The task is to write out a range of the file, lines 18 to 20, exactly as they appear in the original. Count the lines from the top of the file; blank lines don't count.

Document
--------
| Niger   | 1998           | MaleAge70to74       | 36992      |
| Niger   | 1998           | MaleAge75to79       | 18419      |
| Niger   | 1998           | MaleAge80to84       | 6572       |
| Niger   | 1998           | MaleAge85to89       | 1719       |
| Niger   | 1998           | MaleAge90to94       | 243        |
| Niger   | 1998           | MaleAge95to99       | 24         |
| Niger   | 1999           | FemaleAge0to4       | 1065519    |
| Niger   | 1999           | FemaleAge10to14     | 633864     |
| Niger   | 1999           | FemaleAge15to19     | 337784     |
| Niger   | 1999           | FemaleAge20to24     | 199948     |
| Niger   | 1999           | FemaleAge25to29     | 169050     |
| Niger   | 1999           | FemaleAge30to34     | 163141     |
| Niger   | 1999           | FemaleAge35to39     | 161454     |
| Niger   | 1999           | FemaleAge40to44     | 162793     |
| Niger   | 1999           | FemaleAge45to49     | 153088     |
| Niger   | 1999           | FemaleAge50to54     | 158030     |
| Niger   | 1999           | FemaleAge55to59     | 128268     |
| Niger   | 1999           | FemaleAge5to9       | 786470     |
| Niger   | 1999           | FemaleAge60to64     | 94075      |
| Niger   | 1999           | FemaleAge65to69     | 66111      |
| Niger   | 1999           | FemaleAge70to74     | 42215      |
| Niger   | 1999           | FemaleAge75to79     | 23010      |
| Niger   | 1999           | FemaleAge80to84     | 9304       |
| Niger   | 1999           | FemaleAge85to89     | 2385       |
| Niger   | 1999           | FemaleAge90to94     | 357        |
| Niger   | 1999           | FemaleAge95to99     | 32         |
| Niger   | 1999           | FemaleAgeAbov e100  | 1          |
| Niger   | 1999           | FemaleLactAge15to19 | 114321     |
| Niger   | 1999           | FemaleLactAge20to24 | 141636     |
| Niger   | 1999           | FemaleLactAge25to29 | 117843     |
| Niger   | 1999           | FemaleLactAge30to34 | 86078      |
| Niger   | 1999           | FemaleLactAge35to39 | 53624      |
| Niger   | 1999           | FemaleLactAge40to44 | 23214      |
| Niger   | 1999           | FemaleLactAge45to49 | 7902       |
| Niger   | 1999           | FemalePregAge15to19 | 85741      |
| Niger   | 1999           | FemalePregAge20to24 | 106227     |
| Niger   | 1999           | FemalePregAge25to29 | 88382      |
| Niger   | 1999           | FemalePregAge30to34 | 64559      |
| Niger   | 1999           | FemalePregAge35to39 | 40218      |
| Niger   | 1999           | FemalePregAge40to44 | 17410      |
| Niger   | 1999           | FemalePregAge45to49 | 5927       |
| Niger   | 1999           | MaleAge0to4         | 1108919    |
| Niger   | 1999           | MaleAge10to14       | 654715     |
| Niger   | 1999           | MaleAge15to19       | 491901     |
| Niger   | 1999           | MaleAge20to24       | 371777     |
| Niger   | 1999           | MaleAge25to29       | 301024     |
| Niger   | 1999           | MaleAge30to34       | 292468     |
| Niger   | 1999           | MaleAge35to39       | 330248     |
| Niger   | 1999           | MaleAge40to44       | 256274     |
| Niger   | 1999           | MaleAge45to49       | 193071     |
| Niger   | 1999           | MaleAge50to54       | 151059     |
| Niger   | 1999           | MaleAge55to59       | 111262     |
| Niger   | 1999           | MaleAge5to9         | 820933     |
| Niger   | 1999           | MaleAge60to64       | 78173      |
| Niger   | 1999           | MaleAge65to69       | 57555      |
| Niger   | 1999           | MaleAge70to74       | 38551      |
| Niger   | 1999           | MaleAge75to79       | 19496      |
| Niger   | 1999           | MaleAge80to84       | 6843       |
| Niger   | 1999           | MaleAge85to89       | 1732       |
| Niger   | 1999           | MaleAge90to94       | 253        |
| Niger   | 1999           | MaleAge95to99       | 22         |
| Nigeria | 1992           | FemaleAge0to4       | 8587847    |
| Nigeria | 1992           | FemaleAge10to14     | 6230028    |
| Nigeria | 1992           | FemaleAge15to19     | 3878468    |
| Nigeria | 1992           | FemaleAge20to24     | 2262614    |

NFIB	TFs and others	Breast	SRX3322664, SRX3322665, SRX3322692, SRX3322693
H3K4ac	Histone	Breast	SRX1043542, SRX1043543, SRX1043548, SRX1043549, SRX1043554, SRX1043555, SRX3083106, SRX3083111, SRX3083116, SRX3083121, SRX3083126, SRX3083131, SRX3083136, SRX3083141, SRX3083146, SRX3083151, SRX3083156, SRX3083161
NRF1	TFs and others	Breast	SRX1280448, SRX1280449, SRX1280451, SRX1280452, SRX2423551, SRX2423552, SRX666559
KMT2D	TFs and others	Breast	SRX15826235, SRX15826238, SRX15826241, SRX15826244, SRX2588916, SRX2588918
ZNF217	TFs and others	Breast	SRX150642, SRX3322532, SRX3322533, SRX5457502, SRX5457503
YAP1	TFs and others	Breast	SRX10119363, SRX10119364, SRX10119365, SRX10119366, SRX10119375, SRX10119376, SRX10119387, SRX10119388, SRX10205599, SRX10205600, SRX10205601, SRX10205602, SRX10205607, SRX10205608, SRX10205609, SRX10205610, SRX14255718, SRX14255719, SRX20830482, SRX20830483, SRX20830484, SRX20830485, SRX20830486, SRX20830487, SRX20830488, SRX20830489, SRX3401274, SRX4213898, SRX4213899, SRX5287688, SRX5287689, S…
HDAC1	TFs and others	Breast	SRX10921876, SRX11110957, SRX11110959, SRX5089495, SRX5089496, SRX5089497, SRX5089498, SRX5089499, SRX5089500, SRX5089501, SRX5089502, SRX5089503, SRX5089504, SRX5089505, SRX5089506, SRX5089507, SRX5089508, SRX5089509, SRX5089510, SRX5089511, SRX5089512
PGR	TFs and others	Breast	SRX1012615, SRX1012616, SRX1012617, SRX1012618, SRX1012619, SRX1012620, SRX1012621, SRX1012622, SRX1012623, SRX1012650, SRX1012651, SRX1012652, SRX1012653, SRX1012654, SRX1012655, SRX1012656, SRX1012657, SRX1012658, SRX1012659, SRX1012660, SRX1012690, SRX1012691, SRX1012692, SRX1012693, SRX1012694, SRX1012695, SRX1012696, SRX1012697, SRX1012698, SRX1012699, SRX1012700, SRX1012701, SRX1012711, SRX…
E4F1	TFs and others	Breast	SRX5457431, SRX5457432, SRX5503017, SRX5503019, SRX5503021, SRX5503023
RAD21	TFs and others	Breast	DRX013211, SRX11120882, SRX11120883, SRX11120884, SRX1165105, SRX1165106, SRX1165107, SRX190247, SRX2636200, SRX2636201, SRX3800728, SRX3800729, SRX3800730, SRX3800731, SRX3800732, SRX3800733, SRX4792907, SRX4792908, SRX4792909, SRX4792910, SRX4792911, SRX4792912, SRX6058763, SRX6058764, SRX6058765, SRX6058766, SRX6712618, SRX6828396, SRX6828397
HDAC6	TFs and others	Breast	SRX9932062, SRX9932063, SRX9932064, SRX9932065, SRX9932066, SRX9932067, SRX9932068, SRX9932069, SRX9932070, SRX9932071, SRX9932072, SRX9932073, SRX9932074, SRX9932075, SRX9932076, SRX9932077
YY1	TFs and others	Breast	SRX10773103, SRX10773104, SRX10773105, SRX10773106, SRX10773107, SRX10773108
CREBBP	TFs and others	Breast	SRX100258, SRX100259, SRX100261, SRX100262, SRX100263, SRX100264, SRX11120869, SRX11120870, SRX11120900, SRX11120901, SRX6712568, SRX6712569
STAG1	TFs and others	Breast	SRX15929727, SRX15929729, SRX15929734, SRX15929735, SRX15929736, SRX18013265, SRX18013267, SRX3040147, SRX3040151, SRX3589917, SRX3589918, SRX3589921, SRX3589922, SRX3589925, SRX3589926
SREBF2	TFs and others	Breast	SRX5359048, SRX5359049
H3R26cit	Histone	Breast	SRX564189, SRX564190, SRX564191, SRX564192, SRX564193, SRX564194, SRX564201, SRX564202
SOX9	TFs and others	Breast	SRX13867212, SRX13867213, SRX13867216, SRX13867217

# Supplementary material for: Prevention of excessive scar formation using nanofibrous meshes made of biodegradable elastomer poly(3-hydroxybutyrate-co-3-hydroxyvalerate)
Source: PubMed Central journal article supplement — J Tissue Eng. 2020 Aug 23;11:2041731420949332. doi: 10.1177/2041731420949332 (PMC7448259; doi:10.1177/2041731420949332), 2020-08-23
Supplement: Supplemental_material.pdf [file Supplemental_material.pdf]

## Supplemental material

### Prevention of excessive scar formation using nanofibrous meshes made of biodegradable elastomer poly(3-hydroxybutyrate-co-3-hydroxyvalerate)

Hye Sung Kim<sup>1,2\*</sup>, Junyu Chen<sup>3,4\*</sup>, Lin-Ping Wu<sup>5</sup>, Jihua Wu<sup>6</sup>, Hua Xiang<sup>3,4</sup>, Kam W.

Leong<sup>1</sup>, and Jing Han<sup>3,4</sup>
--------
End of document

| Niger   | 1999           | FemaleAge5to9       | 786470     |
| Niger   | 1999           | FemaleAge60to64     | 94075      |
| Niger   | 1999           | FemaleAge65to69     | 66111      |